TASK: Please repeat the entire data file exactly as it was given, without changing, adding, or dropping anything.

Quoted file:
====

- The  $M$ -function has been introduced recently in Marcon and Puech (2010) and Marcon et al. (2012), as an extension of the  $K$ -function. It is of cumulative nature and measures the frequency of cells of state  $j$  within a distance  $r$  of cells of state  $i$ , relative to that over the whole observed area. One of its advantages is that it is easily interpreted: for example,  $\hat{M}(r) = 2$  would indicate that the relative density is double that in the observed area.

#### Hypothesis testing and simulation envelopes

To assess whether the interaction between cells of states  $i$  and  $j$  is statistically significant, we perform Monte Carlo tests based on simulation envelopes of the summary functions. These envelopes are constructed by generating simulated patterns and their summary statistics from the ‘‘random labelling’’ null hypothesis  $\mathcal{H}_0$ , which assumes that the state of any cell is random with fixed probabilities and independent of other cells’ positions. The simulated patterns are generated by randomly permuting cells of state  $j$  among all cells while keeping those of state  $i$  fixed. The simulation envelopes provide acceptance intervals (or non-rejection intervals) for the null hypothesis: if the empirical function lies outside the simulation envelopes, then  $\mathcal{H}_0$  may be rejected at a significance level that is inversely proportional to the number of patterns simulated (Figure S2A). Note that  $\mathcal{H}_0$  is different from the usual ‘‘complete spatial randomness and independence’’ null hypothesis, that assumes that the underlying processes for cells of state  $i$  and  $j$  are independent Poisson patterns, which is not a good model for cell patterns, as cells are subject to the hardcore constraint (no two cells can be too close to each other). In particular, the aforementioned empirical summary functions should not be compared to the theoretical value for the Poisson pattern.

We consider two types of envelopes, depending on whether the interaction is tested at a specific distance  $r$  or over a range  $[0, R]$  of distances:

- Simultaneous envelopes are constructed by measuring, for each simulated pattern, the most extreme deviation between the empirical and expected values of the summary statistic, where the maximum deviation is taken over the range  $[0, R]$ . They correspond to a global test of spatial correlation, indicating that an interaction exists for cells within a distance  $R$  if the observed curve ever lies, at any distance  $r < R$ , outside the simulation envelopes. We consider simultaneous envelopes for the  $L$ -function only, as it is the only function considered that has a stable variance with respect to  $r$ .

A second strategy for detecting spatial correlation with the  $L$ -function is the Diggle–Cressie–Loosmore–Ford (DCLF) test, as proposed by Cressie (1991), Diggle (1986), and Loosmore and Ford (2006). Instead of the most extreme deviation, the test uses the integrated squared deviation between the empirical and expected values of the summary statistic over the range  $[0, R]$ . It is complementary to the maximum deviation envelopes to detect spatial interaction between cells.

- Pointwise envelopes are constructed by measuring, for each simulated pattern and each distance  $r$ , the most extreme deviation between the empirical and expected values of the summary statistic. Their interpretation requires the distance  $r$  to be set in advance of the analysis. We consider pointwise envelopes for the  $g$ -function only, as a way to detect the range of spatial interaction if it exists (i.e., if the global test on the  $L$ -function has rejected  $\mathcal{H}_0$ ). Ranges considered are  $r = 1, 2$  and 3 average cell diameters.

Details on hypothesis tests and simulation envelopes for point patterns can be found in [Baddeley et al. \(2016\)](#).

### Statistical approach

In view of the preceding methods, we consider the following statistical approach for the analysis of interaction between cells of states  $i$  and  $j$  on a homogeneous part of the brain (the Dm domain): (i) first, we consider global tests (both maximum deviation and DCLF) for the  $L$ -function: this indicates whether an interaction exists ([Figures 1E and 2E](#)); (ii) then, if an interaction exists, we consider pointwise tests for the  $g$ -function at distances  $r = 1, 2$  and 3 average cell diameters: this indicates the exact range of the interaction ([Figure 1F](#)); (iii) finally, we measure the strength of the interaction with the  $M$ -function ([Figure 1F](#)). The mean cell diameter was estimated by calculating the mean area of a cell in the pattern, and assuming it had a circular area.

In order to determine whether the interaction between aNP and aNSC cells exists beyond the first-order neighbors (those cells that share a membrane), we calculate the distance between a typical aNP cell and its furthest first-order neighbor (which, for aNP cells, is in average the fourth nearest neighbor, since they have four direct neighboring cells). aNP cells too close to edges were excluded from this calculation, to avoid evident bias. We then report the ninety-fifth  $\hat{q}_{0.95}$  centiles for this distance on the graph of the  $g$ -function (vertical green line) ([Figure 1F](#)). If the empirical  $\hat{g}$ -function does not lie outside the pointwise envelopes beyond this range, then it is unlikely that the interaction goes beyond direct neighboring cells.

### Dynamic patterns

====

- The  $M$ -function has been introduced recently in Marcon and Puech (2010) and Marcon et al. (2012), as an extension of the  $K$ -function. It is of cumulative nature and measures the frequency of cells of state  $j$  within a distance  $r$  of cells of state  $i$ , relative to that over the whole observed area. One of its advantages is that it is easily interpreted: for example,  $\hat{M}(r) = 2$  would indicate that the relative density is double that in the observed area.

#### Hypothesis testing and simulation envelopes

To assess whether the interaction between cells of states  $i$  and  $j$  is statistically significant, we perform Monte Carlo tests based on simulation envelopes of the summary functions. These envelopes are constructed by generating simulated patterns and their summary statistics from the ‘‘random labelling’’ null hypothesis  $\mathcal{H}_0$ , which assumes that the state of any cell is random with fixed probabilities and independent of other cells’ positions. The simulated patterns are generated by randomly permuting cells of state  $j$  among all cells while keeping those of state  $i$  fixed. The simulation envelopes provide acceptance intervals (or non-rejection intervals) for the null hypothesis: if the empirical function lies outside the simulation envelopes, then  $\mathcal{H}_0$  may be rejected at a significance level that is inversely proportional to the number of patterns simulated (Figure S2A). Note that  $\mathcal{H}_0$  is different from the usual ‘‘complete spatial randomness and independence’’ null hypothesis, that assumes that the underlying processes for cells of state  $i$  and  $j$  are independent Poisson patterns, which is not a good model for cell patterns, as cells are subject to the hardcore constraint (no two cells can be too close to each other). In particular, the aforementioned empirical summary functions should not be compared to the theoretical value for the Poisson pattern.

We consider two types of envelopes, depending on whether the interaction is tested at a specific distance  $r$  or over a range  $[0, R]$  of distances:

- Simultaneous envelopes are constructed by measuring, for each simulated pattern, the most extreme deviation between the empirical and expected values of the summary statistic, where the maximum deviation is taken over the range  $[0, R]$ . They correspond to a global test of spatial correlation, indicating that an interaction exists for cells within a distance  $R$  if the observed curve ever lies, at any distance  $r < R$ , outside the simulation envelopes. We consider simultaneous envelopes for the  $L$ -function only, as it is the only function considered that has a stable variance with respect to  $r$ .

A second strategy for detecting spatial correlation with the  $L$ -function is the Diggle–Cressie–Loosmore–Ford (DCLF) test, as proposed by Cressie (1991), Diggle (1986), and Loosmore and Ford (2006). Instead of the most extreme deviation, the test uses the integrated squared deviation between the empirical and expected values of the summary statistic over the range  $[0, R]$ . It is complementary to the maximum deviation envelopes to detect spatial interaction between cells.

- Pointwise envelopes are constructed by measuring, for each simulated pattern and each distance  $r$ , the most extreme deviation between the empirical and expected values of the summary statistic. Their interpretation requires the distance  $r$  to be set in advance of the analysis. We consider pointwise envelopes for the  $g$ -function only, as a way to detect the range of spatial interaction if it exists (i.e., if the global test on the  $L$ -function has rejected  $\mathcal{H}_0$ ). Ranges considered are  $r = 1, 2$  and 3 average cell diameters.

Details on hypothesis tests and simulation envelopes for point patterns can be found in [Baddeley et al. \(2016\)](#).

### Statistical approach

In view of the preceding methods, we consider the following statistical approach for the analysis of interaction between cells of states  $i$  and  $j$  on a homogeneous part of the brain (the Dm domain): (i) first, we consider global tests (both maximum deviation and DCLF) for the  $L$ -function: this indicates whether an interaction exists ([Figures 1E and 2E](#)); (ii) then, if an interaction exists, we consider pointwise tests for the  $g$ -function at distances  $r = 1, 2$  and 3 average cell diameters: this indicates the exact range of the interaction ([Figure 1F](#)); (iii) finally, we measure the strength of the interaction with the  $M$ -function ([Figure 1F](#)). The mean cell diameter was estimated by calculating the mean area of a cell in the pattern, and assuming it had a circular area.

In order to determine whether the interaction between aNP and aNSC cells exists beyond the first-order neighbors (those cells that share a membrane), we calculate the distance between a typical aNP cell and its furthest first-order neighbor (which, for aNP cells, is in average the fourth nearest neighbor, since they have four direct neighboring cells). aNP cells too close to edges were excluded from this calculation, to avoid evident bias. We then report the ninety-fifth  $\hat{q}_{0.95}$  centiles for this distance on the graph of the  $g$ -function (vertical green line) ([Figure 1F](#)). If the empirical  $\hat{g}$ -function does not lie outside the pointwise envelopes beyond this range, then it is unlikely that the interaction goes beyond direct neighboring cells.

### Dynamic patterns